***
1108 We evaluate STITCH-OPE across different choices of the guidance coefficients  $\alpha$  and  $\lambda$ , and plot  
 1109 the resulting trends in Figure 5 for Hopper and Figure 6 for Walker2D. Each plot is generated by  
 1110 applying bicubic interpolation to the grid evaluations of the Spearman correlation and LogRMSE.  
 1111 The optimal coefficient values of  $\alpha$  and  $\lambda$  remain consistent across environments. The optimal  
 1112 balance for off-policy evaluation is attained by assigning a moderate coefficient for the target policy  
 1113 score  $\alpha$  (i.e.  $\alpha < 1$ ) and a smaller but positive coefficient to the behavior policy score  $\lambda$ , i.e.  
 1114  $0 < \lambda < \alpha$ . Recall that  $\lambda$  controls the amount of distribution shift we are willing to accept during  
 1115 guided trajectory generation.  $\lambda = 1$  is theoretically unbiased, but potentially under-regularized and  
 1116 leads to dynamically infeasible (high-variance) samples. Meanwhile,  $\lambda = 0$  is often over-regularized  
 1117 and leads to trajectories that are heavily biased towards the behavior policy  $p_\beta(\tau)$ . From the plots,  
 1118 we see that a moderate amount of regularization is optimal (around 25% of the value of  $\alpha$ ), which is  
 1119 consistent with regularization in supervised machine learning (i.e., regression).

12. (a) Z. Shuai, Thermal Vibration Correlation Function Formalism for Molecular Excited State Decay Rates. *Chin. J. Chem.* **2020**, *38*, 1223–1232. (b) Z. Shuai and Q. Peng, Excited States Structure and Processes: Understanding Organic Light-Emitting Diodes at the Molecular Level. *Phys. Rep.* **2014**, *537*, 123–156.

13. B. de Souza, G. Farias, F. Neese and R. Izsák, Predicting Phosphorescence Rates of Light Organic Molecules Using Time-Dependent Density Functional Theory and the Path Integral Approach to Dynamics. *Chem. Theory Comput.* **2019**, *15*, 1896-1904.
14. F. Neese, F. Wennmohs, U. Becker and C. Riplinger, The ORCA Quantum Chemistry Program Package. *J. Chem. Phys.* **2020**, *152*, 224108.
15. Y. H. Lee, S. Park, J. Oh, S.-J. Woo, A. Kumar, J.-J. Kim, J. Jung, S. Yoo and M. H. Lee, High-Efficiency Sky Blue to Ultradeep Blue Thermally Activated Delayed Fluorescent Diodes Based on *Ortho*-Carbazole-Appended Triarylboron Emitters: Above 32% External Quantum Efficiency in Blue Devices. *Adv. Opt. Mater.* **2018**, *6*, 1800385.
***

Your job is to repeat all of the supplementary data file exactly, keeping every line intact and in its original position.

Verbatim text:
1108 We evaluate STITCH-OPE across different choices of the guidance coefficients  $\alpha$  and  $\lambda$ , and plot  
 1109 the resulting trends in Figure 5 for Hopper and Figure 6 for Walker2D. Each plot is generated by  
 1110 applying bicubic interpolation to the grid evaluations of the Spearman correlation and LogRMSE.  
 1111 The optimal coefficient values of  $\alpha$  and  $\lambda$  remain consistent across environments. The optimal  
 1112 balance for off-policy evaluation is attained by assigning a moderate coefficient for the target policy  
 1113 score  $\alpha$  (i.e.  $\alpha < 1$ ) and a smaller but positive coefficient to the behavior policy score  $\lambda$ , i.e.  
 1114  $0 < \lambda < \alpha$ . Recall that  $\lambda$  controls the amount of distribution shift we are willing to accept during  
 1115 guided trajectory generation.  $\lambda = 1$  is theoretically unbiased, but potentially under-regularized and  
 1116 leads to dynamically infeasible (high-variance) samples. Meanwhile,  $\lambda = 0$  is often over-regularized  
 1117 and leads to trajectories that are heavily biased towards the behavior policy  $p_\beta(\tau)$ . From the plots,  
 1118 we see that a moderate amount of regularization is optimal (around 25% of the value of  $\alpha$ ), which is  
 1119 consistent with regularization in supervised machine learning (i.e., regression).

12. (a) Z. Shuai, Thermal Vibration Correlation Function Formalism for Molecular Excited State Decay Rates. *Chin. J. Chem.* **2020**, *38*, 1223–1232. (b) Z. Shuai and Q. Peng, Excited States Structure and Processes: Understanding Organic Light-Emitting Diodes at the Molecular Level. *Phys. Rep.* **2014**, *537*, 123–156.

13. B. de Souza, G. Farias, F. Neese and R. Izsák, Predicting Phosphorescence Rates of Light Organic Molecules Using Time-Dependent Density Functional Theory and the Path Integral Approach to Dynamics. *Chem. Theory Comput.* **2019**, *15*, 1896-1904.
14. F. Neese, F. Wennmohs, U. Becker and C. Riplinger, The ORCA Quantum Chemistry Program Package. *J. Chem. Phys.* **2020**, *152*, 224108.
15. Y. H. Lee, S. Park, J. Oh, S.-J. Woo, A. Kumar, J.-J. Kim, J. Jung, S. Yoo and M. H. Lee, High-Efficiency Sky Blue to Ultradeep Blue Thermally Activated Delayed Fluorescent Diodes Based on *Ortho*-Carbazole-Appended Triarylboron Emitters: Above 32% External Quantum Efficiency in Blue Devices. *Adv. Opt. Mater.* **2018**, *6*, 1800385.